Due to the ongoing pandemic, a couple of states in Nigeria are on lockdown which implies that people can only come out for essential needs alone such as emergencies, health, and food and just because there is restriction of movements does not mean sex would go on lockdown.
We have often made jokes about “corona babies”, however for a number of women, this is definitely what they want at the time which makes family planning services a basic and essential health need.
Family planning allows a woman to decide when she wants to have children. Contraceptives prevent the negative outcomes of unintended pregnancies, unsafe abortion as well as Sexually Transmitted Infections (STIs). Therefore at a time like this, it is important that access to such service is maintained.
In order to avoid pregnancy, there are number of advisable options:
- Abstinence: This is especially advisable for young adolescents and those without proper knowledge of the use of contraceptives, it’s 100% effective of course, and provides dual protection against pregnancy and sexually transmitted infections including HIV.
- Fertility awareness method: Such as counting dates/fertility trackers such as basal temperature monitoring and ovulation period in the menstrual cycle. This method is known to have a high failure rate.
- Condoms: Usually made from latex, they work by preventing sperm from entering the vagina. They are effective, if worn properly, it is also the only method that helps to prevent Sexually Transmitted infections including HIV. Condoms are easily accessible as it can be purchased at the nearest pharmacy.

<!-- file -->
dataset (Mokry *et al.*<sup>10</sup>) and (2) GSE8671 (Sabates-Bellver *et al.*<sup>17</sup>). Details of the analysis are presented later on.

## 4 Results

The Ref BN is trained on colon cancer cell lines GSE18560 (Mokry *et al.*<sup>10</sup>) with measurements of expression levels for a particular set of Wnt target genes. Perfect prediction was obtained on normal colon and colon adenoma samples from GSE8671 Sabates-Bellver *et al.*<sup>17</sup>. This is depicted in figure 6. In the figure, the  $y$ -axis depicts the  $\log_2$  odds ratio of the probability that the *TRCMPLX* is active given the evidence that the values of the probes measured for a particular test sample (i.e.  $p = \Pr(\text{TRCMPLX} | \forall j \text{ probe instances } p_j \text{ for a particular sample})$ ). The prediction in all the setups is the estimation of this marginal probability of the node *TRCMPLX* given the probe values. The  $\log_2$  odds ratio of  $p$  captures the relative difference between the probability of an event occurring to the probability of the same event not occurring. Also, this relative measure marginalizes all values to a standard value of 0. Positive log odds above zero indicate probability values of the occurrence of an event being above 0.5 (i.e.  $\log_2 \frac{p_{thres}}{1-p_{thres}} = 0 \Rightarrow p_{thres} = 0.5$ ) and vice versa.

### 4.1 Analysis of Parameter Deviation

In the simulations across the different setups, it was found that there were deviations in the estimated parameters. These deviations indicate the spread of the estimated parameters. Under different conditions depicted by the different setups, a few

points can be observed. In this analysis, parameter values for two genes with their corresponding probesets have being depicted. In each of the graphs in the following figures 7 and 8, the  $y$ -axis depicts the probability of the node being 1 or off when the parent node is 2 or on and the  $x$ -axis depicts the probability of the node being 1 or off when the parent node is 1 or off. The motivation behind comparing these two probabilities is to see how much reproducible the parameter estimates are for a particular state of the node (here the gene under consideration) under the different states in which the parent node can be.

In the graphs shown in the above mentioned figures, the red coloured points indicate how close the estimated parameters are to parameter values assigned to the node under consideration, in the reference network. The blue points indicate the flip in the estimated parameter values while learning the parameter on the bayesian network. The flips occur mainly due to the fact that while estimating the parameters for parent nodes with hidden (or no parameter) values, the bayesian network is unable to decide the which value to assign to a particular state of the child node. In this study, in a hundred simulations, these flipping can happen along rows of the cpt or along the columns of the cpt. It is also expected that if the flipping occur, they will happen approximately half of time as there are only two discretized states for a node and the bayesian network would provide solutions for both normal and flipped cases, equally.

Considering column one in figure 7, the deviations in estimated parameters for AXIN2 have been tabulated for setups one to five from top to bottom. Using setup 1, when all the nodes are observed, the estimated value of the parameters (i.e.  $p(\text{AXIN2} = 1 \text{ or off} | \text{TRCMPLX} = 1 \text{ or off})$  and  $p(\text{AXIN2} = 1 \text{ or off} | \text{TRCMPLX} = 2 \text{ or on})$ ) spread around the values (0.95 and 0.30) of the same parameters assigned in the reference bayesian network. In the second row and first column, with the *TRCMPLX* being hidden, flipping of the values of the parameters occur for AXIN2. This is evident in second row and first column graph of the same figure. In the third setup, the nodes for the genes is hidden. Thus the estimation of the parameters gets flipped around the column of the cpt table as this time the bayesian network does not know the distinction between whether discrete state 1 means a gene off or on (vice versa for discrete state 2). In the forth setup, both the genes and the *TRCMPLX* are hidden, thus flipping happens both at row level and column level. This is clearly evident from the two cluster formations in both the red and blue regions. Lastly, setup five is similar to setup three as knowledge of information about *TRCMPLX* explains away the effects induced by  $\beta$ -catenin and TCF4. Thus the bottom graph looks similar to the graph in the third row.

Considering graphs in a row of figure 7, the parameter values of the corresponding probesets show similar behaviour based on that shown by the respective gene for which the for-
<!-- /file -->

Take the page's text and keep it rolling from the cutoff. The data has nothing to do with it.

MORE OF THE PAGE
- Pills: can be combined or progesterone only; They are 92% effective and up to 99% effective if taken consistently and correctly. These are also readily available at the pharmacy, however, there are people who are not advised to be on them (these are people who smoke, those who have had a heart attack, history of a clot in legs and lungs, history of migraines), also it requires a level of compliance such as not skipping a day for maximal effectiveness.
- Emergency contraceptives: Emphasis will be made for the pills as it is readily available at the pharmacy, to be used within 120hours of unprotected sex as they have shown 95% effectiveness if used this way. However, this method is not advisable for a regular method of contraception.
- Injectables and implants: They are given 2 monthly or 3 monthly, its 97-99% effective.
- Intrauterine device systems: More than 99% effective, long-lasting although this is not readily available as you will need to book an appointment at the health center.
Other things to note:
- If you’ve been on a particular form of contraceptives, please continue on it.
- Side effects are known to occur with hormonal contraceptives and you should call your clinic if you experience such.
- If a method you have been on such as an implant, IUCD, injectables expires, you should add on another method such as condoms; and do not try to remove the device for yourself and call your health center for the nearest available date for its removal.